Thomas Denson is an associate professor in the School of Psychology at the University of New South Wales, ISRA council member, and associate editor of Aggressive Behavior.
Beames, J.R., Schofield, T.P., & Denson, T.F. (in press). A meta-analysis of improving self-control with practice. Chapter to appear in D.T. de Riddler, M. Adriaanse, & K. Fujita (Eds.), Handbook of self-control in health and well-being. Routledge.
Berkman, E.T. (2016). Self-regulation training. In K.D. Vohs & R.F. Baumeister (Eds.), Handbook of self-regulation: research, theory and applications (3rd ed.) (pp. 440–457). New York: Guilford.
Denson, T.F., Capper, M.M., Oaten, M., Friese, M., & Schofield, T.P. (2011). Self-control training decreases aggression in response to provocation in aggressive individuals. Journal of Research in Personality, 45, 252–256.
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Friese, M., Frankenbach, J., Job, V., & Loschelder, D.D. (in press). Does self-control training improve self-control? A meta-analysis. Perspectives on Psychological Science.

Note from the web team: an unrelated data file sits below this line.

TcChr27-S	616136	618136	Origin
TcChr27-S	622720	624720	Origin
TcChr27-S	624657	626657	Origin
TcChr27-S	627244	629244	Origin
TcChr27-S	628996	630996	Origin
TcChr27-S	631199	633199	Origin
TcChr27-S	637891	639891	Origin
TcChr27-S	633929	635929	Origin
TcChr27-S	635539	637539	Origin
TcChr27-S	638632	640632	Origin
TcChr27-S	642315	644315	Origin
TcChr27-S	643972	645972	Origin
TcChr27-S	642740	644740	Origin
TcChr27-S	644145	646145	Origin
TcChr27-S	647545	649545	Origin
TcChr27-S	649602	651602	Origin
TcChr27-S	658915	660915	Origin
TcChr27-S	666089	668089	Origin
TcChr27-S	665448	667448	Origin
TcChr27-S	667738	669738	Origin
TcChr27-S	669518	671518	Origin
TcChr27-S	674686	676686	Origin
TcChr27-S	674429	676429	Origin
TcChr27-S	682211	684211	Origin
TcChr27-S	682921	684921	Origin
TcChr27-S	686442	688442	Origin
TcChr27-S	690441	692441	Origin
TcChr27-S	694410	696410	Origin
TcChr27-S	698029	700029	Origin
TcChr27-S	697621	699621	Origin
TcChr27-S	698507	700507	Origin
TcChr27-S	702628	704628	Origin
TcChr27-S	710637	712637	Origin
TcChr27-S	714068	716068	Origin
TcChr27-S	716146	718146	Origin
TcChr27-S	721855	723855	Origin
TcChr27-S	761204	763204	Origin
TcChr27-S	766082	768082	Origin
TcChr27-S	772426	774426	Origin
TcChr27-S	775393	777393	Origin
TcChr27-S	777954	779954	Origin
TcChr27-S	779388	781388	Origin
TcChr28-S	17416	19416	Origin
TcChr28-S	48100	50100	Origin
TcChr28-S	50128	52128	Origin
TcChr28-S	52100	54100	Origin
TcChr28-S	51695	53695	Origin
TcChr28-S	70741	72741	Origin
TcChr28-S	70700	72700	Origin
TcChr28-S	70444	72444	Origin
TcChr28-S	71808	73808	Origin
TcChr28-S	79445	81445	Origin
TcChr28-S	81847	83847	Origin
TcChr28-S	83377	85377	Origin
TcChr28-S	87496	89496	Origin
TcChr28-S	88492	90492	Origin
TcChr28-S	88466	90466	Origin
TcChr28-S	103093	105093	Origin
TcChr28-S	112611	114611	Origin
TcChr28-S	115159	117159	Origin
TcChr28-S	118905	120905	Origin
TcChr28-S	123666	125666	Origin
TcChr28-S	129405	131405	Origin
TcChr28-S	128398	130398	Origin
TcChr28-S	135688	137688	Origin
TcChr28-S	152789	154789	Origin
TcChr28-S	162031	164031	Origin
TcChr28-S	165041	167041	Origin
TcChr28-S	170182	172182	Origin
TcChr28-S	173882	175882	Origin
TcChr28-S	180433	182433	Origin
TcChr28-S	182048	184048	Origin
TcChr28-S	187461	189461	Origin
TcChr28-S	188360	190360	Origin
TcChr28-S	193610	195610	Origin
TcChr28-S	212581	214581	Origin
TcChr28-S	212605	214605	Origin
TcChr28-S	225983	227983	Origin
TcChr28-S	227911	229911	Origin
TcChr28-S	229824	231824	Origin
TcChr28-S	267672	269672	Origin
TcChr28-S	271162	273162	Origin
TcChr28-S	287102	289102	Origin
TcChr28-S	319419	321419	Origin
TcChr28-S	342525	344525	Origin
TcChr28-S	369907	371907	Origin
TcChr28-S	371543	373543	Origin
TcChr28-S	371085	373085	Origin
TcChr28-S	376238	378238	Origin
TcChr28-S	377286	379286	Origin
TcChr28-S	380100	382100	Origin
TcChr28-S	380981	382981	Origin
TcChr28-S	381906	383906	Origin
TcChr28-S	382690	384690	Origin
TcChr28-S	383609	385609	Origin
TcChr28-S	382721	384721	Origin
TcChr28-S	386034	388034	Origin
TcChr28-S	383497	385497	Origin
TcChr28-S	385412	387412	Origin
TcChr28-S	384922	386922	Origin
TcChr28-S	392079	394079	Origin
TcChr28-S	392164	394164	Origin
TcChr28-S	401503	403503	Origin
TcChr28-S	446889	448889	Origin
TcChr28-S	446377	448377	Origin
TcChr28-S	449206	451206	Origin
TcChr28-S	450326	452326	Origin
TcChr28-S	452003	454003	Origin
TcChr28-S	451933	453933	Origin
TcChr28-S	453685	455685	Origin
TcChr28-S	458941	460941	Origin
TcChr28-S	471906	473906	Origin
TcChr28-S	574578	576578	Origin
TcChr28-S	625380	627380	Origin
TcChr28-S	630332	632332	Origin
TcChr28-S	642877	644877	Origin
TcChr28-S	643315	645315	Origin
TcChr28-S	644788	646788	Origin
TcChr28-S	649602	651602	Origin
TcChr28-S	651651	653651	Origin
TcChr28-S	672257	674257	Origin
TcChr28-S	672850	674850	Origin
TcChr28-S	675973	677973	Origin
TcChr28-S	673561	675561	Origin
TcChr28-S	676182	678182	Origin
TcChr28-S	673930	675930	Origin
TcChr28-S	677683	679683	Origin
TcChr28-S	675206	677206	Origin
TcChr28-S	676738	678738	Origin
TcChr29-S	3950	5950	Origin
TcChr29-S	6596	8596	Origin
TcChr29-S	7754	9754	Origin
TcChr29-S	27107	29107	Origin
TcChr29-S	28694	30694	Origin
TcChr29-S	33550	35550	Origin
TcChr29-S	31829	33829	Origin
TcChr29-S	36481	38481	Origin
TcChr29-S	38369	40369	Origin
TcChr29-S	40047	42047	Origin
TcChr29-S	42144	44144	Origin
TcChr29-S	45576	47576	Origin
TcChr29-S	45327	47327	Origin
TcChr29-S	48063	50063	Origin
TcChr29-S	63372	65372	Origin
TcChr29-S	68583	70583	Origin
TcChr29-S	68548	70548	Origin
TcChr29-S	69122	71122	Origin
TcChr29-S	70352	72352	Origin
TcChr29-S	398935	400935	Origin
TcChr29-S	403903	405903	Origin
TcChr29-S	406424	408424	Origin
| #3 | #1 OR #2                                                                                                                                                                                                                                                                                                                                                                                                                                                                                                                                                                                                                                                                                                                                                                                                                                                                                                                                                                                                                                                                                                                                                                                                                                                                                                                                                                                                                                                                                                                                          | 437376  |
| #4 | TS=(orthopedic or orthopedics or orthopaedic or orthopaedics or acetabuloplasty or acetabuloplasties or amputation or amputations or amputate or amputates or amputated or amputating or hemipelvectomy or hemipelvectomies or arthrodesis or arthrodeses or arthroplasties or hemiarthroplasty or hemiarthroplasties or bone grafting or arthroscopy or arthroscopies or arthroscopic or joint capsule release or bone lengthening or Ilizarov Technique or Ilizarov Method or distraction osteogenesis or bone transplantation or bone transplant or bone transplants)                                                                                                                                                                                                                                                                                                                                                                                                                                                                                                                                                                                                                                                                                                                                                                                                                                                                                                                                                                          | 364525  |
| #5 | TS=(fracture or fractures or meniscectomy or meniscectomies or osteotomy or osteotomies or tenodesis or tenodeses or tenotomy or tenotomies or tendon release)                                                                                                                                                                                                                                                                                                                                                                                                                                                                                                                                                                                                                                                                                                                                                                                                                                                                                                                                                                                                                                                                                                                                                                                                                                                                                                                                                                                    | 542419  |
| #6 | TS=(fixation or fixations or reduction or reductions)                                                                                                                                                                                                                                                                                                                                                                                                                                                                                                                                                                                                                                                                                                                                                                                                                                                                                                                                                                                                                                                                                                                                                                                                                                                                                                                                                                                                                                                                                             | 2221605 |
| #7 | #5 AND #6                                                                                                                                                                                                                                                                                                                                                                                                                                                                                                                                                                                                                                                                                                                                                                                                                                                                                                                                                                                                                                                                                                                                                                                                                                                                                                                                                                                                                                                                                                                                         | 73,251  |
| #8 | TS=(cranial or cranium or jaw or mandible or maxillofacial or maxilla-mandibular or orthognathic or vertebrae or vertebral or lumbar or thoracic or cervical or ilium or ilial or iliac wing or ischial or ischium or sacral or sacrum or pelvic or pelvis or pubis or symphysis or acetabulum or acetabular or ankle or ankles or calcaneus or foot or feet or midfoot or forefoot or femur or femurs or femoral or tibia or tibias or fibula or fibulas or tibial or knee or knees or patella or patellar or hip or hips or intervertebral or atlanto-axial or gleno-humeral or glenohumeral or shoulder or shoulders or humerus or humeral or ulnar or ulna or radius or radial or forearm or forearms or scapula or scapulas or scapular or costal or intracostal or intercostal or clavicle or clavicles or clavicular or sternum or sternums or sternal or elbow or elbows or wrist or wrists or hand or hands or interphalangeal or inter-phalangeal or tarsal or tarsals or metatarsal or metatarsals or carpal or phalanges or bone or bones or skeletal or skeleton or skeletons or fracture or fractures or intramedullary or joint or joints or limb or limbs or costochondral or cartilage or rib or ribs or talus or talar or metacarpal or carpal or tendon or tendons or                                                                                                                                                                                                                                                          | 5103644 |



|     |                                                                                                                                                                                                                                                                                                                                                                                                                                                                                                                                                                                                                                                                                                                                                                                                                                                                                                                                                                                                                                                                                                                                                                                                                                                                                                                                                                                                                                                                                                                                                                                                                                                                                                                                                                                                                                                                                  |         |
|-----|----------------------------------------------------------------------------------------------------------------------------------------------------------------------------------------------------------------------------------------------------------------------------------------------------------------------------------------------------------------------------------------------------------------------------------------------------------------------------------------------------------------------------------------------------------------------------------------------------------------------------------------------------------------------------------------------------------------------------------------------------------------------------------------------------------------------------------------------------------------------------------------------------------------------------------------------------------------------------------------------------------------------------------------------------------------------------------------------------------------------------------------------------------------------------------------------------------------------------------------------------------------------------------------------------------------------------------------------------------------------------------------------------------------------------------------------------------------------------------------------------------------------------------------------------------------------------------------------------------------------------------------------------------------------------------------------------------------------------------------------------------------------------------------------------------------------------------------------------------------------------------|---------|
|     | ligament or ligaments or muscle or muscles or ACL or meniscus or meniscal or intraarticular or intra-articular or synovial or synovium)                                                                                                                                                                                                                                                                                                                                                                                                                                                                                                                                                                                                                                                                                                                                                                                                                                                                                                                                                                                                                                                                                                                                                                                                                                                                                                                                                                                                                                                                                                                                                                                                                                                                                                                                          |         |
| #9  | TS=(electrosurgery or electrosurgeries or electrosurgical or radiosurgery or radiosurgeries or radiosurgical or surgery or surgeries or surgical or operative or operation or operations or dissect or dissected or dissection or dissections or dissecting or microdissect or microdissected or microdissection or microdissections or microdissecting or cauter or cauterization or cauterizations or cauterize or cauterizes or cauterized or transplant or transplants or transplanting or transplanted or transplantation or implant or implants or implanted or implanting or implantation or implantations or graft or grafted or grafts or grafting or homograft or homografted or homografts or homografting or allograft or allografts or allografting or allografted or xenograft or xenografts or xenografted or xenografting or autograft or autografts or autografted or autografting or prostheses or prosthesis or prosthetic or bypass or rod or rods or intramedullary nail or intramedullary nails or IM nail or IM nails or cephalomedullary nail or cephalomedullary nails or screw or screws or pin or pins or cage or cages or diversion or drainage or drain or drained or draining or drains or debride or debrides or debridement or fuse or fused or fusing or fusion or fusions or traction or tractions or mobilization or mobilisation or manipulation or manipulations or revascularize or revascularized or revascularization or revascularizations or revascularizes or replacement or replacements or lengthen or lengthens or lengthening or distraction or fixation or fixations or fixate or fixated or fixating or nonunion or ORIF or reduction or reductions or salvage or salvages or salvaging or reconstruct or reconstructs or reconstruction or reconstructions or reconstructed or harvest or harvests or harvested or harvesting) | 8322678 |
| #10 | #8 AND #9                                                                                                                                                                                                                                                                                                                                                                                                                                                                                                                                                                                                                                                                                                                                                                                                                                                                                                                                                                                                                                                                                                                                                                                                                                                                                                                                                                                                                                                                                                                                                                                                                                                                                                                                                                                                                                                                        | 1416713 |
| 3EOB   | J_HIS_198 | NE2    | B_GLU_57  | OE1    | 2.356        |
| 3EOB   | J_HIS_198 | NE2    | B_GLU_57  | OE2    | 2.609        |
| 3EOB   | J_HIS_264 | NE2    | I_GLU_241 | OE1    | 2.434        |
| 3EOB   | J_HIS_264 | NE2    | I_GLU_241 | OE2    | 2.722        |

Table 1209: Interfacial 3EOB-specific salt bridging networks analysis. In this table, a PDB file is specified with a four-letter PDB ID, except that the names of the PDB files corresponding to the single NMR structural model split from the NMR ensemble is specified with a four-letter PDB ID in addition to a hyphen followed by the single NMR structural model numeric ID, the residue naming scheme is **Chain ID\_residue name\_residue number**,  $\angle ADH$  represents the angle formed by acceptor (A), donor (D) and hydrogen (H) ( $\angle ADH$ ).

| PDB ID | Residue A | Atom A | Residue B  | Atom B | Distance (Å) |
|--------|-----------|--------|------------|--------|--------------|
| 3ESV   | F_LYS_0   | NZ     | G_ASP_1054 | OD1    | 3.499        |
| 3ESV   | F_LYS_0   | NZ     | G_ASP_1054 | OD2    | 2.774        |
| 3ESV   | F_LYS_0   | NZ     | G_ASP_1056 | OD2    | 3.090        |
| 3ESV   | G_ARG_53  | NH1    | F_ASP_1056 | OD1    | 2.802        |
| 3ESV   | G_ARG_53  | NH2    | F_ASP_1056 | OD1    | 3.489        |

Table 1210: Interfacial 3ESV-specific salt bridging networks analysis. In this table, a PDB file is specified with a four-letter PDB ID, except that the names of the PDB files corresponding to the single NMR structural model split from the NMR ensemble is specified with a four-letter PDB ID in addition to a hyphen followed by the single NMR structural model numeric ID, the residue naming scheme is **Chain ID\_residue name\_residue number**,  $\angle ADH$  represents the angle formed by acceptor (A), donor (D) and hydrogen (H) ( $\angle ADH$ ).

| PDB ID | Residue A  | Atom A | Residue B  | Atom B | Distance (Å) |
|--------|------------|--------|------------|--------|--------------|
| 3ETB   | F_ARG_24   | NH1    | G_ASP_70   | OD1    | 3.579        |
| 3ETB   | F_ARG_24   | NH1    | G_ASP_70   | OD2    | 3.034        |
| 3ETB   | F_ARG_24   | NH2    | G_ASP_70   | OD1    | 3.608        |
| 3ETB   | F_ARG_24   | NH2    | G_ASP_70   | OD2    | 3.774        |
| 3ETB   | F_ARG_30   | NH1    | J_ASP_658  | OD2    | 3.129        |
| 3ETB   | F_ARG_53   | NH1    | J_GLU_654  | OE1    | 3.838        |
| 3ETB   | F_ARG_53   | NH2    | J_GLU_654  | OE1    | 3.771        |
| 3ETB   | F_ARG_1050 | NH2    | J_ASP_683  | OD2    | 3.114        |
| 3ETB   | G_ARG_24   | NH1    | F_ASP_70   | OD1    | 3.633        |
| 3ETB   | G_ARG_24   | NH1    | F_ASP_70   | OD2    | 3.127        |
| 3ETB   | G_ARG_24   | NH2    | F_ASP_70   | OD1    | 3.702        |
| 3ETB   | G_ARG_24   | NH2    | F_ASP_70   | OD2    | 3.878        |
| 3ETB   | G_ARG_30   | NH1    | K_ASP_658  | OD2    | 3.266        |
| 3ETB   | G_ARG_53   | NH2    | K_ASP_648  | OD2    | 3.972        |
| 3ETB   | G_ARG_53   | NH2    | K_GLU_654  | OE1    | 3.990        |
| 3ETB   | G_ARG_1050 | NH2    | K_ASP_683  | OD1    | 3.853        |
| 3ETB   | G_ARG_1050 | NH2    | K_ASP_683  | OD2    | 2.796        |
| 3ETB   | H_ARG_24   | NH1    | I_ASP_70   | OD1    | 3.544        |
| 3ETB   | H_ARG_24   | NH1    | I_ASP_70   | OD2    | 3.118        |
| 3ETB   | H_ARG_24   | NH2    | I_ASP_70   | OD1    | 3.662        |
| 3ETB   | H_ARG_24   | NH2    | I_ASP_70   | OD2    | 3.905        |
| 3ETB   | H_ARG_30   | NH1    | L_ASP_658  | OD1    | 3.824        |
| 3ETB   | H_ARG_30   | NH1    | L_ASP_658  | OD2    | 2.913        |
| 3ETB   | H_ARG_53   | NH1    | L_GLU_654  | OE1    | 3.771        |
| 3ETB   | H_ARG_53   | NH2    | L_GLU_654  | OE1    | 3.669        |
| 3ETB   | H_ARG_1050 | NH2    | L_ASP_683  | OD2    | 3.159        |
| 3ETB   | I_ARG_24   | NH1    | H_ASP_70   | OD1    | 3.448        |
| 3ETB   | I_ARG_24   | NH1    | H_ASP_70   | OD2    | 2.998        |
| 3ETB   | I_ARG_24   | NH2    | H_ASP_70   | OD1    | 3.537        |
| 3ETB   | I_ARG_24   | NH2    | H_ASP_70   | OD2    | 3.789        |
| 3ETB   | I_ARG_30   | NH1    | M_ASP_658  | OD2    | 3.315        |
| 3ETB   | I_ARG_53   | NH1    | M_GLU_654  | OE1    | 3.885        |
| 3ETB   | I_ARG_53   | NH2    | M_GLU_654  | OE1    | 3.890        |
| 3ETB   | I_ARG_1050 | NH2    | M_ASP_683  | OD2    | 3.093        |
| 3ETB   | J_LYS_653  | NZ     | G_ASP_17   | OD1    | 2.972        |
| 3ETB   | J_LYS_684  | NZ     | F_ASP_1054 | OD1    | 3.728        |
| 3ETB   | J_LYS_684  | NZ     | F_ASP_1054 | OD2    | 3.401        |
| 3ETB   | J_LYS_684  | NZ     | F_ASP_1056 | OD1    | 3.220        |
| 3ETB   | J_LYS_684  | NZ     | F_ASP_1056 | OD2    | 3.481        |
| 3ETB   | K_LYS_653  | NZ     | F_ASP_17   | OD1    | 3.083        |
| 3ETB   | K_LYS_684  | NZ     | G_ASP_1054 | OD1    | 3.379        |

Gottfredson, M.R., & Hirschi, T. (1990). A general theory of crime. Stanford, CA: Stanford University Press.
Inzlicht, M., & Berkman, E. (2015). Six questions for the resource model of control (and some answers). Social and Personality Psychology Compass, 9, 511-524.
Miles, E., Sheeran, P., Baird, H.M., MacDonald, I., Webb, T.L., & Harris, P.R. (2016). Does self-control improve with practice? Evidence from a six-week training program. Journal of Experimental Psychology: General, 145, 1075-1091.
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Oaten, M., & Cheng, K. (2006b). Longitudinal gains in self-regulation from regular physical exercise. British Journal of Health Psychology, 11, 717–733.
Oaten, M., & Cheng, K. (2007). Improvements in self-control from financial monitoring. Journal of Economic Psychology, 28, 487–501.